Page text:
Checking for Short Circuits

Another issue that happens to auto electrical and electronic wires and components after a collision is short circuit. This is very commonly observed by technicians working in collision repair shops.

This usually happens because during a collision, the wires gets pinched or severed. This kind of check is usually done by first setting the multi-meter in the same manner as you would with the continuity check. After that, the test leads of the multi-meter is attached to the opposing ends of the adjoining wires. With regard to the reading, a reading of infinity should be observed on the meter. This is because the wires are insulated. On the other hand, if the reading shows zero, then that means that the wires are shorted to ground or another ground wire.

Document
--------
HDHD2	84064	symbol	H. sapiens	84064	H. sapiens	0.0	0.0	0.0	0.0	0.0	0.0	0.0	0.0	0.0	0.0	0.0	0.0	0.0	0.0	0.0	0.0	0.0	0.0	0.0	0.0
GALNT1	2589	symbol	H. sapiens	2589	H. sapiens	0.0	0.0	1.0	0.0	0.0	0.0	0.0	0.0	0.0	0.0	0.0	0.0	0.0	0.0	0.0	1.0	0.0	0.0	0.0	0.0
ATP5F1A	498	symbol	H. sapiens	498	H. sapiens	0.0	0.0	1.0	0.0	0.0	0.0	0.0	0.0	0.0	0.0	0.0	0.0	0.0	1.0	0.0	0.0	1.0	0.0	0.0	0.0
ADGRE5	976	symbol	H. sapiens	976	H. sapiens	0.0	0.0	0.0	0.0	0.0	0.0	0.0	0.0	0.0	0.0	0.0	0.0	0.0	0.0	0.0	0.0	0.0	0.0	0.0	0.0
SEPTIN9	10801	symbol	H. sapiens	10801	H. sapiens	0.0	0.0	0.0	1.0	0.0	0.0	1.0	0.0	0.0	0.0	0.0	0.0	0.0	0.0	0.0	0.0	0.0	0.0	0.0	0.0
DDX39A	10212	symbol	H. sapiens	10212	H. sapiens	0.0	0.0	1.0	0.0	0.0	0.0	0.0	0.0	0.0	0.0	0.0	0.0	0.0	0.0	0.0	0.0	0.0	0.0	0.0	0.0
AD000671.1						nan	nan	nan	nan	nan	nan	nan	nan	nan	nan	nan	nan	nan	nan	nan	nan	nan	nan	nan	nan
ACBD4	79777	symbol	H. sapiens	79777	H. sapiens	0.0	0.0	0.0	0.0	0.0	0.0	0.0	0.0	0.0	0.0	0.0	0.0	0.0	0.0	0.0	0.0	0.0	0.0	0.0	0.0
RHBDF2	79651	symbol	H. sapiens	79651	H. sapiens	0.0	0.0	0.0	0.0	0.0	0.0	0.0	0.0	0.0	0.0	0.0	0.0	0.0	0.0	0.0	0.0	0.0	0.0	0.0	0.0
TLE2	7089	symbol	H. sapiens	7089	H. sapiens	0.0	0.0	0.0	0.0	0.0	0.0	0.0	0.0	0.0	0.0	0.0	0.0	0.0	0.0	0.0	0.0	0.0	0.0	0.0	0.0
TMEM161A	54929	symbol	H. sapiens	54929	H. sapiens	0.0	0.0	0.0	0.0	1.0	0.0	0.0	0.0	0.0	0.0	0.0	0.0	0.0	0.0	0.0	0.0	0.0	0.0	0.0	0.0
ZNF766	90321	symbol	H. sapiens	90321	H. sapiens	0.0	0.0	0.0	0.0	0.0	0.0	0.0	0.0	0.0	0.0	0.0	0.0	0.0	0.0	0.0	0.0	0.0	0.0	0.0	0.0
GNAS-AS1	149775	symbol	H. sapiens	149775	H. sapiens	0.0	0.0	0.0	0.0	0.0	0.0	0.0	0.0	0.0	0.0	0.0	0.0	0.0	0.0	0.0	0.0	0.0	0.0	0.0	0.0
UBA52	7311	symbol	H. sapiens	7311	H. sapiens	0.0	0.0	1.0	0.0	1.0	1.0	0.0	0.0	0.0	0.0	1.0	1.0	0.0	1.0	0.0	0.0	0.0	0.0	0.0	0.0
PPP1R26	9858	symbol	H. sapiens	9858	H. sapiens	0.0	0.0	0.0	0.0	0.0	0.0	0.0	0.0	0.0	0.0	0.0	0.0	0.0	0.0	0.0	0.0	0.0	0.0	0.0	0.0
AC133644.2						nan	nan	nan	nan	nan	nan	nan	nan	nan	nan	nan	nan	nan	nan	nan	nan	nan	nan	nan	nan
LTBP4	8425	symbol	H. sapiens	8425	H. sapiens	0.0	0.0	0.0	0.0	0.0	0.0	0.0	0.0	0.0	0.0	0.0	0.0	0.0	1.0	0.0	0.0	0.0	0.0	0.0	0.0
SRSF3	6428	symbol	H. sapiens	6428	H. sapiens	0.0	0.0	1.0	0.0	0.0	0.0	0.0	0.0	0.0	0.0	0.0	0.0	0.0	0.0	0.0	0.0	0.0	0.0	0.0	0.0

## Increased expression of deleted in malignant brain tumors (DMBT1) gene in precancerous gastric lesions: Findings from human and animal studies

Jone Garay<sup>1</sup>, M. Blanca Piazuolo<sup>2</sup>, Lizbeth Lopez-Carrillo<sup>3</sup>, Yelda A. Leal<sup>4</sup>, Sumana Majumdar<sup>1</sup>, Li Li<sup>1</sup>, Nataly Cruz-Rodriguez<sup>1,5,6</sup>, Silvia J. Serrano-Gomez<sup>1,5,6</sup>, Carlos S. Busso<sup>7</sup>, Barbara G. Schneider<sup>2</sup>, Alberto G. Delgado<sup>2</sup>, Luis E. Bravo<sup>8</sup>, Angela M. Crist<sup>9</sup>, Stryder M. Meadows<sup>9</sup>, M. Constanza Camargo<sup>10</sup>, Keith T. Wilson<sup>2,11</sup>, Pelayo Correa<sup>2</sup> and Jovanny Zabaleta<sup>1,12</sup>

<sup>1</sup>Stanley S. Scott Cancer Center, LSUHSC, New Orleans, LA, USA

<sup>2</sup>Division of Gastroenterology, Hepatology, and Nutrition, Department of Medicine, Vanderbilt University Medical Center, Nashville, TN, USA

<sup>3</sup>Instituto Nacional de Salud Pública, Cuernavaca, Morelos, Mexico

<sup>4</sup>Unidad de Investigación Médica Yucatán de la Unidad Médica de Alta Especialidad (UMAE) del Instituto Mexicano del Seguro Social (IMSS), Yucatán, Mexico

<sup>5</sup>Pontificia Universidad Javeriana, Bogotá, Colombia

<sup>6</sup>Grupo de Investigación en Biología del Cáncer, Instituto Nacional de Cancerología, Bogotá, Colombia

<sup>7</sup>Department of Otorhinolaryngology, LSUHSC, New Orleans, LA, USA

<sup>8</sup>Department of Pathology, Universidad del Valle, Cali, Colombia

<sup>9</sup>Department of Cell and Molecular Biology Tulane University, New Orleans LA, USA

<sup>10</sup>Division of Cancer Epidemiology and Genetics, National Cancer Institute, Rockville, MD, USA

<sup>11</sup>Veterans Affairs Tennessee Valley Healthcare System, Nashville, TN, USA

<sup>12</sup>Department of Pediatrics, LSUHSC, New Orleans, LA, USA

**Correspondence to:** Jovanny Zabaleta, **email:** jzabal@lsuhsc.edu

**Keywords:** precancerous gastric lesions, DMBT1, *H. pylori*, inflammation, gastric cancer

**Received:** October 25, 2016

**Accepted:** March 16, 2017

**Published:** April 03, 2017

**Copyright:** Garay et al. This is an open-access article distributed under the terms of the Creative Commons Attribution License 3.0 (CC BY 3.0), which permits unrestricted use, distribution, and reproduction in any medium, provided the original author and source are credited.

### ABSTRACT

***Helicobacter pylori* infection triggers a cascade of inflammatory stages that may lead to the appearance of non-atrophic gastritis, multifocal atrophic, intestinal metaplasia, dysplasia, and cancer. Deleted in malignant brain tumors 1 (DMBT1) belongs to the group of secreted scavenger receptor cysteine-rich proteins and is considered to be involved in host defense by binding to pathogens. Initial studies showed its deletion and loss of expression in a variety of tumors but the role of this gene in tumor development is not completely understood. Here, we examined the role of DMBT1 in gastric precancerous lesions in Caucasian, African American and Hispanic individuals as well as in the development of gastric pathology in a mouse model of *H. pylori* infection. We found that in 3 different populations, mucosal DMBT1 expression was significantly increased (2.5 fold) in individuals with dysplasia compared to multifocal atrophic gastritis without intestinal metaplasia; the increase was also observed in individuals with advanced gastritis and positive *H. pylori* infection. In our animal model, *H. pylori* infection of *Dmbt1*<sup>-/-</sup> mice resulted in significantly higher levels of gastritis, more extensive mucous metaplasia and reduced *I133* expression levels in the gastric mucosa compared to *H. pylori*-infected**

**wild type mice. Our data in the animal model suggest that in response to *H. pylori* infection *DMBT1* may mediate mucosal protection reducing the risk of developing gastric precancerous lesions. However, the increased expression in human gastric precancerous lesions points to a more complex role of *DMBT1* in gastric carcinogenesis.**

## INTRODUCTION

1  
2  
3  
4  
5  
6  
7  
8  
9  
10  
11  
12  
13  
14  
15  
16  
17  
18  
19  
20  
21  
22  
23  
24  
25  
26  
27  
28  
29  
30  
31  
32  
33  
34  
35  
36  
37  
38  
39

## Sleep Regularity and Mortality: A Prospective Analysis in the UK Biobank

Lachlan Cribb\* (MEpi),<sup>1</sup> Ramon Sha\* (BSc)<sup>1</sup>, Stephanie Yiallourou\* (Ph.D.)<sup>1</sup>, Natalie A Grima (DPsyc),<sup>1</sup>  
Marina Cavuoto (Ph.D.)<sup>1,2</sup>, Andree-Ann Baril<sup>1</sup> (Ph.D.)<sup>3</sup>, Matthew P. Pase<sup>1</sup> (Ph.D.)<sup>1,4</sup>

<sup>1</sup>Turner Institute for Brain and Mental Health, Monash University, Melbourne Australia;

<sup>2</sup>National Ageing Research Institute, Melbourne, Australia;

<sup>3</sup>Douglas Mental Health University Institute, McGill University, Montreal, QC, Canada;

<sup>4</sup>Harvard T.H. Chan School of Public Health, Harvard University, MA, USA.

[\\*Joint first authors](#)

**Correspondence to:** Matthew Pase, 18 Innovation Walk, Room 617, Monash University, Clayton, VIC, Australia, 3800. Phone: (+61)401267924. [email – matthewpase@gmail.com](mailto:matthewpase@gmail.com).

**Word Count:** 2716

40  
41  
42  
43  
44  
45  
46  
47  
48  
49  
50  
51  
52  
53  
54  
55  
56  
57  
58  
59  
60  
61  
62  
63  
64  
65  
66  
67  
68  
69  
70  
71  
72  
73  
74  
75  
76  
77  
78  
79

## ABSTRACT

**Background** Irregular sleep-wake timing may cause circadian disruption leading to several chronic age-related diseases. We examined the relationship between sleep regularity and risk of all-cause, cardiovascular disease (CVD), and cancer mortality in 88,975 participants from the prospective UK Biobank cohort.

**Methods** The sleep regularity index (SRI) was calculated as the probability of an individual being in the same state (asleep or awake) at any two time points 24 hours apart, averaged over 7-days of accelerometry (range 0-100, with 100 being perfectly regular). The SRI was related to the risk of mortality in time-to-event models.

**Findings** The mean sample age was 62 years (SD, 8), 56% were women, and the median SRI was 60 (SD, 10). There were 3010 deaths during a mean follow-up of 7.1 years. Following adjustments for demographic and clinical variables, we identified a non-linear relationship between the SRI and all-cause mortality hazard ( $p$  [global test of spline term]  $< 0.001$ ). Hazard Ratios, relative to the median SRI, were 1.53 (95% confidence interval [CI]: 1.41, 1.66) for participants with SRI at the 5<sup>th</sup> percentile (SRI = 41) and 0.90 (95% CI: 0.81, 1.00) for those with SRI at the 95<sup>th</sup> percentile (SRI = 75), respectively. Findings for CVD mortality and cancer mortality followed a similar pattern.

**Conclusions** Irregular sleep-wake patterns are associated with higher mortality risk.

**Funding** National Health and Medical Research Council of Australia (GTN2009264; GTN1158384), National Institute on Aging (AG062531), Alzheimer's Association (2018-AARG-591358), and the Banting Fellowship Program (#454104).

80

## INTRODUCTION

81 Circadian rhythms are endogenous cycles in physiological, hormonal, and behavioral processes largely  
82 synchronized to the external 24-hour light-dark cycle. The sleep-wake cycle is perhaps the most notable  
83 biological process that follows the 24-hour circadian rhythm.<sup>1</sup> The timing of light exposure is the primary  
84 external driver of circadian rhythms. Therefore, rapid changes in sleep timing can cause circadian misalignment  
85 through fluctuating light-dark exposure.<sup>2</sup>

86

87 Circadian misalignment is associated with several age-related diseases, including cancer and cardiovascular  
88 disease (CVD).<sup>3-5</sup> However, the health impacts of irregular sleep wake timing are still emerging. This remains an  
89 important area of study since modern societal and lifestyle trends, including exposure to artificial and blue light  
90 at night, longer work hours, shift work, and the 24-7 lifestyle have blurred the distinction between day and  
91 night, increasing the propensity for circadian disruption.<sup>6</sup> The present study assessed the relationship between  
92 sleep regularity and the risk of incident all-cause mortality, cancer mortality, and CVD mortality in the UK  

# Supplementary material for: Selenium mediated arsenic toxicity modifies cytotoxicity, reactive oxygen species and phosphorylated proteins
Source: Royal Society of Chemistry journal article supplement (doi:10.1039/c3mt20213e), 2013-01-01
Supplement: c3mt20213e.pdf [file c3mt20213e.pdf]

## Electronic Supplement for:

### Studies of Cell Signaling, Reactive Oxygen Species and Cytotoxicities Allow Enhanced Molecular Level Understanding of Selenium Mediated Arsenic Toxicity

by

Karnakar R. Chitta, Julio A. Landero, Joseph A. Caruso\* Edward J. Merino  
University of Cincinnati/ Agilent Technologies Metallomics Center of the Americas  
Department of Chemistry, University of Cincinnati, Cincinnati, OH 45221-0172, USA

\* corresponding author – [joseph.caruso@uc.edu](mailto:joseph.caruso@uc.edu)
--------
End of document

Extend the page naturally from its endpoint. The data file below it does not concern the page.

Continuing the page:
Again, because of the dangers associated with these kind of diagnostic tests, it should only be conducted by a trained professional and a safe environment like a collision repair shop.

Checking for Continuity

It should be that a circuit remains closed and operational if it has continuity. In fact, a continuity check for electrical and electronic wires and components is recommended in all service manuals. This kind of diagnosis is done in order to see if the electrical circuit is completely closed and has no opens.

Just so you know, the continuity check is generally conducted in the following fashion. First, the range selector is set to the highest resistance range possible. Then the multi-meter test leads are connected to the opposite ends of the electrical or electronic wire or component being tested. Finally, the technician reads the multi-meter. If the reading shows zero, then it means that there’s continuity. Alternatively if it shows infinite reading, then there’s an open circuit. Again, this is not to encourage you to do the test or reading on your own. Instead, this is to give you awareness of how the procedure is done.